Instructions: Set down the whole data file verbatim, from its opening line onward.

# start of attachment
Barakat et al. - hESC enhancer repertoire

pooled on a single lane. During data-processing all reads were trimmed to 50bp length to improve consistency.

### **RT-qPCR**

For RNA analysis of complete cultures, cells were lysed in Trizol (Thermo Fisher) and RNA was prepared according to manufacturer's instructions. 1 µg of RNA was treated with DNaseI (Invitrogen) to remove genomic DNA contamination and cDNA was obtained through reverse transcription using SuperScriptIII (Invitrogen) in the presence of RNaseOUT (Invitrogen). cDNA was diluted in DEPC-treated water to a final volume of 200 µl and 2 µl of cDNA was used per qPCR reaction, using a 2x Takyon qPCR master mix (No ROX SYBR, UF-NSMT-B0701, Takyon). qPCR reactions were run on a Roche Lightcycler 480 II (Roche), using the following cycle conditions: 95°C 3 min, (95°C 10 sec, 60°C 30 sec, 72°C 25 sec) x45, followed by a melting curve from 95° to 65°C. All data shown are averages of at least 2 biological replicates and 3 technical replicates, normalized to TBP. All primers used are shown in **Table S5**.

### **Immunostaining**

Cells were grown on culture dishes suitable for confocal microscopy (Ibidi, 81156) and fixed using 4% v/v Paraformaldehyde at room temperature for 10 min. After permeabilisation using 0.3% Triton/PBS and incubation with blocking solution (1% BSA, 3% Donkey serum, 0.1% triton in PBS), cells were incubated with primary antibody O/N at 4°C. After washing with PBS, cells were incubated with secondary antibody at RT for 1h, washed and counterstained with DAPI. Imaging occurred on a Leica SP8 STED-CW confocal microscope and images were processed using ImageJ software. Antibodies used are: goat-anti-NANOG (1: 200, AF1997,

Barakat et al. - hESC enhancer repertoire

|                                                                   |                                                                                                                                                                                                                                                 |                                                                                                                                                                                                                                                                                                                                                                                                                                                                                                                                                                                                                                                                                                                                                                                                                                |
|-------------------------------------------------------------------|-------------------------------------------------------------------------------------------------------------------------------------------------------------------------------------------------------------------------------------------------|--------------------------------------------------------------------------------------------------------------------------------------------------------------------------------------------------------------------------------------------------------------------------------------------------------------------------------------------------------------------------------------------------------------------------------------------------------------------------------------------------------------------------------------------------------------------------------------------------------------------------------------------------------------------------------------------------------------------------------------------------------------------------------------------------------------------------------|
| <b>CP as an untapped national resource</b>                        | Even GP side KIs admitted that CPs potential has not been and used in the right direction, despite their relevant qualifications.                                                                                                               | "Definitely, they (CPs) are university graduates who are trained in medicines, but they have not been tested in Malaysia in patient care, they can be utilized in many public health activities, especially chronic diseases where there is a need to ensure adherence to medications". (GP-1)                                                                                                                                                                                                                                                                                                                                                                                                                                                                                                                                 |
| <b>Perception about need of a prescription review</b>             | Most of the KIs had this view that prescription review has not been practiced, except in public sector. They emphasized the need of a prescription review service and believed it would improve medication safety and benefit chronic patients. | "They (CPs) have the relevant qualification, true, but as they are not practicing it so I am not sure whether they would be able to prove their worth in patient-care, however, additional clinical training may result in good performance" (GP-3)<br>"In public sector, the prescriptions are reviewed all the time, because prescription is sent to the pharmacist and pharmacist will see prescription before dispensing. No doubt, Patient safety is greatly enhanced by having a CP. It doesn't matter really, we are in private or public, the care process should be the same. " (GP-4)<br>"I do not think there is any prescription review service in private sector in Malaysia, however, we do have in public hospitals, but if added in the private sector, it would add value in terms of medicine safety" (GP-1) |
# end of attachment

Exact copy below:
Barakat et al. - hESC enhancer repertoire

pooled on a single lane. During data-processing all reads were trimmed to 50bp length to improve consistency.

### **RT-qPCR**

For RNA analysis of complete cultures, cells were lysed in Trizol (Thermo Fisher) and RNA was prepared according to manufacturer's instructions. 1 µg of RNA was treated with DNaseI (Invitrogen) to remove genomic DNA contamination and cDNA was obtained through reverse transcription using SuperScriptIII (Invitrogen) in the presence of RNaseOUT (Invitrogen). cDNA was diluted in DEPC-treated water to a final volume of 200 µl and 2 µl of cDNA was used per qPCR reaction, using a 2x Takyon qPCR master mix (No ROX SYBR, UF-NSMT-B0701, Takyon). qPCR reactions were run on a Roche Lightcycler 480 II (Roche), using the following cycle conditions: 95°C 3 min, (95°C 10 sec, 60°C 30 sec, 72°C 25 sec) x45, followed by a melting curve from 95° to 65°C. All data shown are averages of at least 2 biological replicates and 3 technical replicates, normalized to TBP. All primers used are shown in **Table S5**.

### **Immunostaining**

Cells were grown on culture dishes suitable for confocal microscopy (Ibidi, 81156) and fixed using 4% v/v Paraformaldehyde at room temperature for 10 min. After permeabilisation using 0.3% Triton/PBS and incubation with blocking solution (1% BSA, 3% Donkey serum, 0.1% triton in PBS), cells were incubated with primary antibody O/N at 4°C. After washing with PBS, cells were incubated with secondary antibody at RT for 1h, washed and counterstained with DAPI. Imaging occurred on a Leica SP8 STED-CW confocal microscope and images were processed using ImageJ software. Antibodies used are: goat-anti-NANOG (1: 200, AF1997,

Barakat et al. - hESC enhancer repertoire

|                                                                   |                                                                                                                                                                                                                                                 |                                                                                                                                                                                                                                                                                                                                                                                                                                                                                                                                                                                                                                                                                                                                                                                                                                |
|-------------------------------------------------------------------|-------------------------------------------------------------------------------------------------------------------------------------------------------------------------------------------------------------------------------------------------|--------------------------------------------------------------------------------------------------------------------------------------------------------------------------------------------------------------------------------------------------------------------------------------------------------------------------------------------------------------------------------------------------------------------------------------------------------------------------------------------------------------------------------------------------------------------------------------------------------------------------------------------------------------------------------------------------------------------------------------------------------------------------------------------------------------------------------|
| <b>CP as an untapped national resource</b>                        | Even GP side KIs admitted that CPs potential has not been and used in the right direction, despite their relevant qualifications.                                                                                                               | "Definitely, they (CPs) are university graduates who are trained in medicines, but they have not been tested in Malaysia in patient care, they can be utilized in many public health activities, especially chronic diseases where there is a need to ensure adherence to medications". (GP-1)                                                                                                                                                                                                                                                                                                                                                                                                                                                                                                                                 |
| <b>Perception about need of a prescription review</b>             | Most of the KIs had this view that prescription review has not been practiced, except in public sector. They emphasized the need of a prescription review service and believed it would improve medication safety and benefit chronic patients. | "They (CPs) have the relevant qualification, true, but as they are not practicing it so I am not sure whether they would be able to prove their worth in patient-care, however, additional clinical training may result in good performance" (GP-3)<br>"In public sector, the prescriptions are reviewed all the time, because prescription is sent to the pharmacist and pharmacist will see prescription before dispensing. No doubt, Patient safety is greatly enhanced by having a CP. It doesn't matter really, we are in private or public, the care process should be the same. " (GP-4)<br>"I do not think there is any prescription review service in private sector in Malaysia, however, we do have in public hospitals, but if added in the private sector, it would add value in terms of medicine safety" (GP-1) |